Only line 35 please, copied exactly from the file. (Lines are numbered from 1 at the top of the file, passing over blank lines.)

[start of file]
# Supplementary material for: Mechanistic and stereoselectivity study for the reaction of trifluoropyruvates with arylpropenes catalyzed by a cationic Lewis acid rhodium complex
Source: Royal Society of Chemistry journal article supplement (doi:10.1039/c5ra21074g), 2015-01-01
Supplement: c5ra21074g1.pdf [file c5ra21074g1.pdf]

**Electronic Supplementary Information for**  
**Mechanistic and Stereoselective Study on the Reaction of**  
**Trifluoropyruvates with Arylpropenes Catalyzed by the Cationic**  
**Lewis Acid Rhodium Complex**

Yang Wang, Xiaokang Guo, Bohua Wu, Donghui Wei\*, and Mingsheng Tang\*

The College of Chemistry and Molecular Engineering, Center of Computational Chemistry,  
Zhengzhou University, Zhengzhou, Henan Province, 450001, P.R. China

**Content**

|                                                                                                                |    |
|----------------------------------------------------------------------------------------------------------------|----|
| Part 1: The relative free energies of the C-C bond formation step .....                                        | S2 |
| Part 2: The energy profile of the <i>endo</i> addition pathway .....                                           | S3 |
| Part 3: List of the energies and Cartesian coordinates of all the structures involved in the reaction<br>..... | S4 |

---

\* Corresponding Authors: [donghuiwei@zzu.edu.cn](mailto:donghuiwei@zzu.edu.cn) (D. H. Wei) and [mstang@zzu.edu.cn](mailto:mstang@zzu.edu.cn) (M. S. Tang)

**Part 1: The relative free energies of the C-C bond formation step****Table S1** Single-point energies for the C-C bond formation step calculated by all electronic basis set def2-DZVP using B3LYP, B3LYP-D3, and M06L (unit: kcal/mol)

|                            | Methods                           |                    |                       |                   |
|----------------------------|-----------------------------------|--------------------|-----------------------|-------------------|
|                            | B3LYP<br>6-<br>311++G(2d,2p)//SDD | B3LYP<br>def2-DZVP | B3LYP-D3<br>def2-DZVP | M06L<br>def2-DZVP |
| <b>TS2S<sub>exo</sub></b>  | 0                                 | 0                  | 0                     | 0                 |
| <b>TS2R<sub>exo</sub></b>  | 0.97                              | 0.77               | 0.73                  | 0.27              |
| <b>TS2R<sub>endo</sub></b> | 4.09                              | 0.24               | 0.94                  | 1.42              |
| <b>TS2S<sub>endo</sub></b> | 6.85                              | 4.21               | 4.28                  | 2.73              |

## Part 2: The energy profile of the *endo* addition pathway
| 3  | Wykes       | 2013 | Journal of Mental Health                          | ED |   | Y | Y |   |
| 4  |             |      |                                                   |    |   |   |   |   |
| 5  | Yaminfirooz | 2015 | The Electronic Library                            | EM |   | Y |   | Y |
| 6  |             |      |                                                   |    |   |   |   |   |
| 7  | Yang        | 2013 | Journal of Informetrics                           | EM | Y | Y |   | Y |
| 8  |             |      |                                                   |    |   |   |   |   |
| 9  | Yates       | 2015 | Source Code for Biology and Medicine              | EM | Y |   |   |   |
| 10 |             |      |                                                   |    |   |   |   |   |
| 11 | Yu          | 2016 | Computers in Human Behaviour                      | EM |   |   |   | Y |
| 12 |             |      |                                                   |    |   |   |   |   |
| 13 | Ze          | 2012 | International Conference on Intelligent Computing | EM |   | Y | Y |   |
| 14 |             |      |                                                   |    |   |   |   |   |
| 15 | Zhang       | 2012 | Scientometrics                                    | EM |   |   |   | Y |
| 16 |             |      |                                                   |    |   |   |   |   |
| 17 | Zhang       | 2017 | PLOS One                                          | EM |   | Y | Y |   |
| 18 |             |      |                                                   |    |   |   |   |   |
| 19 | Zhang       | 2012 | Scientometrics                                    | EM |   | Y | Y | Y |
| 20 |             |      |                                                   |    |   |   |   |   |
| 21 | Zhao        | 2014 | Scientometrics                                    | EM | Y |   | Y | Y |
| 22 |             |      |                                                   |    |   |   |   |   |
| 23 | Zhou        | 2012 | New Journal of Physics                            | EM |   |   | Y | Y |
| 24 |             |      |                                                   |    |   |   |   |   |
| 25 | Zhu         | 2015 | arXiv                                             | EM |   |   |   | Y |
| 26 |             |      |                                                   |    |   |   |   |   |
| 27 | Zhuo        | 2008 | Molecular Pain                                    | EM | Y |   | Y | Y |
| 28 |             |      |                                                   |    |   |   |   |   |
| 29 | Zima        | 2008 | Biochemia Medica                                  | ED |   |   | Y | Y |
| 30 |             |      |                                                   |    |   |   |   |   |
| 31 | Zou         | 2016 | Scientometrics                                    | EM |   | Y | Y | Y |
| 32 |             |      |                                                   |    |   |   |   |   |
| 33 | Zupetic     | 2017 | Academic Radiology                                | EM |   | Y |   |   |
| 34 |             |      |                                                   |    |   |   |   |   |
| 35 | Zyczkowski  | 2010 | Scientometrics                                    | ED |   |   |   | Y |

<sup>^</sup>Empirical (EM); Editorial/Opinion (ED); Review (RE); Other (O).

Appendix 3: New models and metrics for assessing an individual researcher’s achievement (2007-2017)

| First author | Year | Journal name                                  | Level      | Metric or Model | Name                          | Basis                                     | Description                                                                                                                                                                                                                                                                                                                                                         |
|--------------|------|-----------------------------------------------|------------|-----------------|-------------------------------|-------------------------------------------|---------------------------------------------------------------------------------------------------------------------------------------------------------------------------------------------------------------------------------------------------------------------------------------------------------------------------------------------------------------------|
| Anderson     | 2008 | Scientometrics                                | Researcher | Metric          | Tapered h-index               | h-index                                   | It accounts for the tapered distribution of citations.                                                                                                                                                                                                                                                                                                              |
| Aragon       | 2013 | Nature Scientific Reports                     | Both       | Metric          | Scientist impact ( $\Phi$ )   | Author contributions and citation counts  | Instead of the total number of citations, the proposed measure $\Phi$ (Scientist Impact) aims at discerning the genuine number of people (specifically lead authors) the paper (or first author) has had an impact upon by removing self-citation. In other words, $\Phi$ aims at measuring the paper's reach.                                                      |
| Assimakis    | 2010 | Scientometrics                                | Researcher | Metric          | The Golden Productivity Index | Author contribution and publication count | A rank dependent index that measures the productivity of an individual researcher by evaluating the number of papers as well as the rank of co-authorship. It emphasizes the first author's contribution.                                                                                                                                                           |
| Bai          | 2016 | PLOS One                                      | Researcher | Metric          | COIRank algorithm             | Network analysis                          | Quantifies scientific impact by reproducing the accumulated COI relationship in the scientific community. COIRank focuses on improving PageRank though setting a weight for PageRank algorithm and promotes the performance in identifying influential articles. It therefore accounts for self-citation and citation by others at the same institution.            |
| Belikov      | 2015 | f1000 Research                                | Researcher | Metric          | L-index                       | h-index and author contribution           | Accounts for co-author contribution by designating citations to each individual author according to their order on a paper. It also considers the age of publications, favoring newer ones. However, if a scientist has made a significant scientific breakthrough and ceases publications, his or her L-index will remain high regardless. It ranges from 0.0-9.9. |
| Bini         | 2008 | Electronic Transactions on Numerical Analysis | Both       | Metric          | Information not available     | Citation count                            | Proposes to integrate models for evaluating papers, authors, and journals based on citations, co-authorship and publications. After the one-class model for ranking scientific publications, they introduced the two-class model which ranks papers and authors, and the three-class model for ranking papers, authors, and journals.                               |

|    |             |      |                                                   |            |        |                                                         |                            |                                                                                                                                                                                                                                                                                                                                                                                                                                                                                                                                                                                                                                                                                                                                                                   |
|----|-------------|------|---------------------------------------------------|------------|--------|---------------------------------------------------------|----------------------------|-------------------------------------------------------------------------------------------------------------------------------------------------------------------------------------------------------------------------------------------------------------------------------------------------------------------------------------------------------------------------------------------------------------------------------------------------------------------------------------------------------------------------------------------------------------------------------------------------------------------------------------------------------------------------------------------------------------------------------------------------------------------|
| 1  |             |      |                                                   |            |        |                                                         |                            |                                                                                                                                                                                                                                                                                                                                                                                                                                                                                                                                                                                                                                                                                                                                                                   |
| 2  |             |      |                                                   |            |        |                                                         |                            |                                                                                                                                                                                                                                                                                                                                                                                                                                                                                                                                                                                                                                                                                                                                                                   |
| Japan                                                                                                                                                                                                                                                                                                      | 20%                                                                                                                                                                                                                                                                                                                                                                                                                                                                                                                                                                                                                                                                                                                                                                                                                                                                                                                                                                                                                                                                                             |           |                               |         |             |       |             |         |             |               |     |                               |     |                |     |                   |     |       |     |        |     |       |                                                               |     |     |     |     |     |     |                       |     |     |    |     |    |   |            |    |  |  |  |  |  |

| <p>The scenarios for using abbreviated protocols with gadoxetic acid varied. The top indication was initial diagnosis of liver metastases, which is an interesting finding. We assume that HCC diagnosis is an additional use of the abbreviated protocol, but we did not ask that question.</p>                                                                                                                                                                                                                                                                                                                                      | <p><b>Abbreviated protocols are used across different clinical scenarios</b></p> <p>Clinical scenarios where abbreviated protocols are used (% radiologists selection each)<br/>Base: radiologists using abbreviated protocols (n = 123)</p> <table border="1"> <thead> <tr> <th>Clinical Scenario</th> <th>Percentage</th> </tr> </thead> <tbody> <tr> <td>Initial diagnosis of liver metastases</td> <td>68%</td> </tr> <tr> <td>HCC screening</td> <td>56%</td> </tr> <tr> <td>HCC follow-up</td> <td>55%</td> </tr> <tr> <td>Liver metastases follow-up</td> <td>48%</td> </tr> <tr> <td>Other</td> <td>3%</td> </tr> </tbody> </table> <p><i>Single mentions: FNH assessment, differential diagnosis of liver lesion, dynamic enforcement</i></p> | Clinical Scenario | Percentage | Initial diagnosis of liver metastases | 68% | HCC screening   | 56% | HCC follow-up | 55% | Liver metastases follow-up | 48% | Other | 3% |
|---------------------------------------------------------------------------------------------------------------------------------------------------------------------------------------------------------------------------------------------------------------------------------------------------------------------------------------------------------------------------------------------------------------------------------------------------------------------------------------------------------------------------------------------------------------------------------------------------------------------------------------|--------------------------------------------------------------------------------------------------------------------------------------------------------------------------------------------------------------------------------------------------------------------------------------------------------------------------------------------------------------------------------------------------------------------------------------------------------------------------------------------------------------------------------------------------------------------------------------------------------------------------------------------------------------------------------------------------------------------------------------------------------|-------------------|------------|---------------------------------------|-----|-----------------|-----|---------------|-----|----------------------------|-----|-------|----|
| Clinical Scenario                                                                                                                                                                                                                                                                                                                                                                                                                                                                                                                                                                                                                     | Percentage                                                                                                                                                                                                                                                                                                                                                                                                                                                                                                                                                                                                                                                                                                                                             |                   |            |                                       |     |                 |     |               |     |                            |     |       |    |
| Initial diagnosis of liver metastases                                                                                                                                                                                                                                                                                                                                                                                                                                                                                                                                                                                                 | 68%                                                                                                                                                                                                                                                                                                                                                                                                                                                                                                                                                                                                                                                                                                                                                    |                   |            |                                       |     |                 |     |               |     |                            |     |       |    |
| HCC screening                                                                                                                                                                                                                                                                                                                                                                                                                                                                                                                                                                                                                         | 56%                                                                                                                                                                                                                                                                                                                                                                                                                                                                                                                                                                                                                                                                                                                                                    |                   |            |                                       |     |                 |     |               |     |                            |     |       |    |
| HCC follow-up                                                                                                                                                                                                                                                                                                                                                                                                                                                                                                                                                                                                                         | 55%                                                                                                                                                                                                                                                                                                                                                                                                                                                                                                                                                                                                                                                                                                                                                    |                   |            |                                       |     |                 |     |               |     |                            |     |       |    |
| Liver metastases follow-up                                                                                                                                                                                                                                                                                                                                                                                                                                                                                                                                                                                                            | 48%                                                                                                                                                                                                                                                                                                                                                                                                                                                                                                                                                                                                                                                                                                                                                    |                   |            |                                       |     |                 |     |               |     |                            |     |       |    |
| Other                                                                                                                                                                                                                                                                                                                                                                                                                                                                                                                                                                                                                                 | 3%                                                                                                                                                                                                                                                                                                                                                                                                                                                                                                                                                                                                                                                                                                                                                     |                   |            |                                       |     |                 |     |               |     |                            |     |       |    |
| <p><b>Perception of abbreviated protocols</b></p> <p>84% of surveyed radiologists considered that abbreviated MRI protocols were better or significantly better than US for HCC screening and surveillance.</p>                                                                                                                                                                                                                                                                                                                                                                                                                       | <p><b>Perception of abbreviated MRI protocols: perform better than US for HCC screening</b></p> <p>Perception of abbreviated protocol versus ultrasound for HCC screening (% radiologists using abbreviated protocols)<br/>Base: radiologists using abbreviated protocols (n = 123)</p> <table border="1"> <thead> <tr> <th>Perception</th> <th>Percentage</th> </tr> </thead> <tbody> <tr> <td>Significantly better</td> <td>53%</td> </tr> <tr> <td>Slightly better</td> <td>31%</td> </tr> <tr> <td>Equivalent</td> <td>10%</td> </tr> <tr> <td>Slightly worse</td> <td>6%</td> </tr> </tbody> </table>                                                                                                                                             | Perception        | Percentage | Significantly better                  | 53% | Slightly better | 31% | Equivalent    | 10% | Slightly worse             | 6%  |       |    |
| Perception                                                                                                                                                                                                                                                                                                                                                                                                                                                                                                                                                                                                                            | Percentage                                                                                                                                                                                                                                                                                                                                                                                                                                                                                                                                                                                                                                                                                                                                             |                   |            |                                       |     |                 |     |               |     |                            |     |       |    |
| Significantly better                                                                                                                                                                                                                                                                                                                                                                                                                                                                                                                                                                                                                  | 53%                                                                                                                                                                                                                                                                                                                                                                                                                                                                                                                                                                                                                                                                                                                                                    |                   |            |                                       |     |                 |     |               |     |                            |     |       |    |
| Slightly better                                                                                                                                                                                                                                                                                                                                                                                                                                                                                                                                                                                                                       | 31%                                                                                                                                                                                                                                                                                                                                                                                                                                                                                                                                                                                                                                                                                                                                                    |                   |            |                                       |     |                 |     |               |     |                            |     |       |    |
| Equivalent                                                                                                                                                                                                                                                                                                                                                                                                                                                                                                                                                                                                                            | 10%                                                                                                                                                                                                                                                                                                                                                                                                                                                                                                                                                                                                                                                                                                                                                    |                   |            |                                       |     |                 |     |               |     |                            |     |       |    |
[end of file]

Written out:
| 10 |             |      |                                                   |    |   |   |   |   |